Monsters do not simply make themselves.

Few fictional devices are as illustrative of human inventiveness and resilience as monsters. They are defense mechanisms socially constructed by the collective conscious of a culture. Nina Auerbach, author of Our Vampires, Ourselves, memorably wrote, “Each age embraces the vampire it needs.” It is not illogical to extend Auerbach’s observation to monsters in general. Where global pop culture embraced vampires for the past decade or so as its go-to monster, representative of a culture lusting for eternal youth and beauty, it is now embracing zombies as an allegorical device to make sense of the inherently finite nature and ugliness of the world.

But it is worth noting that in orthodox zombie fiction, the zombies serve as little more than scenery. Indeed, in The Walking Dead, the characters barely even bother to comment on their presence anymore. The real action is not in the head-shots and decapitations and general slicing and dicing; it is in the interactions and relationships between the human survivors of the zombie apocalypse. And this in turn means that the true monsters, in zombie fiction, are our selves. The zombie apocalypse takes away all the moral codes and social norms of civilization and sets the stage for an exploration of human nature in its barest essence. At its most pessimistic, this exploration will lead us to man’s capacity for extreme inhumanity; at its most generous, it will offer glimpses into the forces of compassion that drive us, and hope for the possible triumph of human will. True, questions about morality and human nature have been asked over and over in all forms of fiction forever, but the staying power of zombies owes much to their unique capacity for metaphor, especially for the times we live in. As the actor Andrew Lincoln, who plays Rick Grimes in The Walking Dead, recently commented, “When people want to make a metaphor out of a show, it means you’re doing something right.”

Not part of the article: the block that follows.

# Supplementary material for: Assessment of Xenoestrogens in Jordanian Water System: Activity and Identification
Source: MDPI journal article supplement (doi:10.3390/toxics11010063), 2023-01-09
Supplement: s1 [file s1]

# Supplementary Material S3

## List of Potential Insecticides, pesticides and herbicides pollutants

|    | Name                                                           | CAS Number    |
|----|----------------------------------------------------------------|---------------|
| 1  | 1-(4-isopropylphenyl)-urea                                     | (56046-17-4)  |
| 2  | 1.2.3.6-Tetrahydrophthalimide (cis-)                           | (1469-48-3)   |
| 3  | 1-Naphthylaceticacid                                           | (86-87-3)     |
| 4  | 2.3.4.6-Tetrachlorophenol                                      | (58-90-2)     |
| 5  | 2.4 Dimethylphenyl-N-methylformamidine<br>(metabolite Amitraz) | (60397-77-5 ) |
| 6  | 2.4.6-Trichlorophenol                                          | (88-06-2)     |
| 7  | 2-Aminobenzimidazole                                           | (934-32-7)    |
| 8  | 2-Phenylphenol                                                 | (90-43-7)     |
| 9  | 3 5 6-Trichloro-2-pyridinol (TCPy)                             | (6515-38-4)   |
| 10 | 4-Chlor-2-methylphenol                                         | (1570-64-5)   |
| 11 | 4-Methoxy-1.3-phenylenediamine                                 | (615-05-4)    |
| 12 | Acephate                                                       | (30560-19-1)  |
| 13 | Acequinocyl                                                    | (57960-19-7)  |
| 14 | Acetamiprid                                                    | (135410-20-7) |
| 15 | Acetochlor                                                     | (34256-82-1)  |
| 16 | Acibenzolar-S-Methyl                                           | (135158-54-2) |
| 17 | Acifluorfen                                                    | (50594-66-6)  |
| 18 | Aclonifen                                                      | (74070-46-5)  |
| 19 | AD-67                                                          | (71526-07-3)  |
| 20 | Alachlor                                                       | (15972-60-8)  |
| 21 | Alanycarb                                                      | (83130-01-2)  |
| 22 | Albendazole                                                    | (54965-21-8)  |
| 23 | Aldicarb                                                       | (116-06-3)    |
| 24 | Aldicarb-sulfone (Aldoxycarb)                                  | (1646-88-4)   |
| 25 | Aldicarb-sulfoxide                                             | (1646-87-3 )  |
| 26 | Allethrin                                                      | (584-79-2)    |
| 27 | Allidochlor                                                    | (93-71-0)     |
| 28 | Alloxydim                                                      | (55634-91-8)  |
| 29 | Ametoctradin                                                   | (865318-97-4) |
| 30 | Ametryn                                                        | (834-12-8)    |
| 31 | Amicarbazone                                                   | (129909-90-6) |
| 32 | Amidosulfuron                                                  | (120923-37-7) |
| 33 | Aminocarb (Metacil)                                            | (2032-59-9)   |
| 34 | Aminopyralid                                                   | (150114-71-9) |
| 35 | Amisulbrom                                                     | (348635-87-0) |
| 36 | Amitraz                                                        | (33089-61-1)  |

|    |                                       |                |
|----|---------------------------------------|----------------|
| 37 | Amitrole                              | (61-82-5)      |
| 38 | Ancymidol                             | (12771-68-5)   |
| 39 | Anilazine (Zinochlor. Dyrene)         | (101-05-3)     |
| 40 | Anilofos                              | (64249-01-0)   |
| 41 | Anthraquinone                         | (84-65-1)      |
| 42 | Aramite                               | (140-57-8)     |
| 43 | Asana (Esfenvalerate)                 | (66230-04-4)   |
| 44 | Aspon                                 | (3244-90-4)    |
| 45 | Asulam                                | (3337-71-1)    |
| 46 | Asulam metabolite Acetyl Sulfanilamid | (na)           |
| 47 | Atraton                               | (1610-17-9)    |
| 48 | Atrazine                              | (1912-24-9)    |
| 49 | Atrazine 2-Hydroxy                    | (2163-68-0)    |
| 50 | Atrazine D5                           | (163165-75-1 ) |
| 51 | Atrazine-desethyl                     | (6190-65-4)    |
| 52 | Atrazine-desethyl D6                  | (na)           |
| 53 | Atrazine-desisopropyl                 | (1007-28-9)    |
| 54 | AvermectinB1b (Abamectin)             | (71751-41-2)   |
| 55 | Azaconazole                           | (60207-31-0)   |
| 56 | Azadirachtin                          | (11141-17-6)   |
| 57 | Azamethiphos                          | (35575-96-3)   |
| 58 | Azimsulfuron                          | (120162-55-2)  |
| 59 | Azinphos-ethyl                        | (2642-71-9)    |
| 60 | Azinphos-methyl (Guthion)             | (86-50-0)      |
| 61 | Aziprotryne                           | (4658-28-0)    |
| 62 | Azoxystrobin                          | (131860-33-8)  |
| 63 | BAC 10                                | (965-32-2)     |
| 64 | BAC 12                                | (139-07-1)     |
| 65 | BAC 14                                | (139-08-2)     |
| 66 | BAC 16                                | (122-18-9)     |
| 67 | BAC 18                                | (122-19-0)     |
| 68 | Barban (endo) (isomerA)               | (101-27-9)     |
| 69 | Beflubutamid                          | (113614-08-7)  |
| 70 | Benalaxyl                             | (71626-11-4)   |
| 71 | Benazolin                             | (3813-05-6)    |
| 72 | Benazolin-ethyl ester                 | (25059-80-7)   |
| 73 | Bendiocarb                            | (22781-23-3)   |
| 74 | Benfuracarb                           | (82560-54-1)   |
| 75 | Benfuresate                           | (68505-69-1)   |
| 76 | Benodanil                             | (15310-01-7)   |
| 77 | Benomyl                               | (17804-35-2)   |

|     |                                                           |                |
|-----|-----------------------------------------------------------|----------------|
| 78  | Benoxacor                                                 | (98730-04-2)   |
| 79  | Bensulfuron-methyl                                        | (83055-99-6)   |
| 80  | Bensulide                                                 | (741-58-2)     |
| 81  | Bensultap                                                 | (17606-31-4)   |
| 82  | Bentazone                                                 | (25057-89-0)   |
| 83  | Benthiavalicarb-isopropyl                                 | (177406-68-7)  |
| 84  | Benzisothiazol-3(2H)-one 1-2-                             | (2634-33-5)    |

The significance of this characteristic cannot be understated. While both zombies and vampires will pervade modern consciousness for many years to come – temporary shifts of influence between the two notwithstanding – zombies, unlike vampires, offer the kind of versatility that will ensure that, even during periods of vampire dominance, zombies do not stop being relevant.The current glut in zombie fiction may seem to signal the approach of a saturation point but there is no such thing as a saturation point for zombies. You can pretend all you want that they are not out there. You can build your sanctuaries and try to forget all about them. You can shoot all the rounds in the world.

The horde will thin, the horde will surge – but the sound of those scuffling undead feet will not stop.



Note: (An unedited version of this article can be found at eelshake.wordpress.com)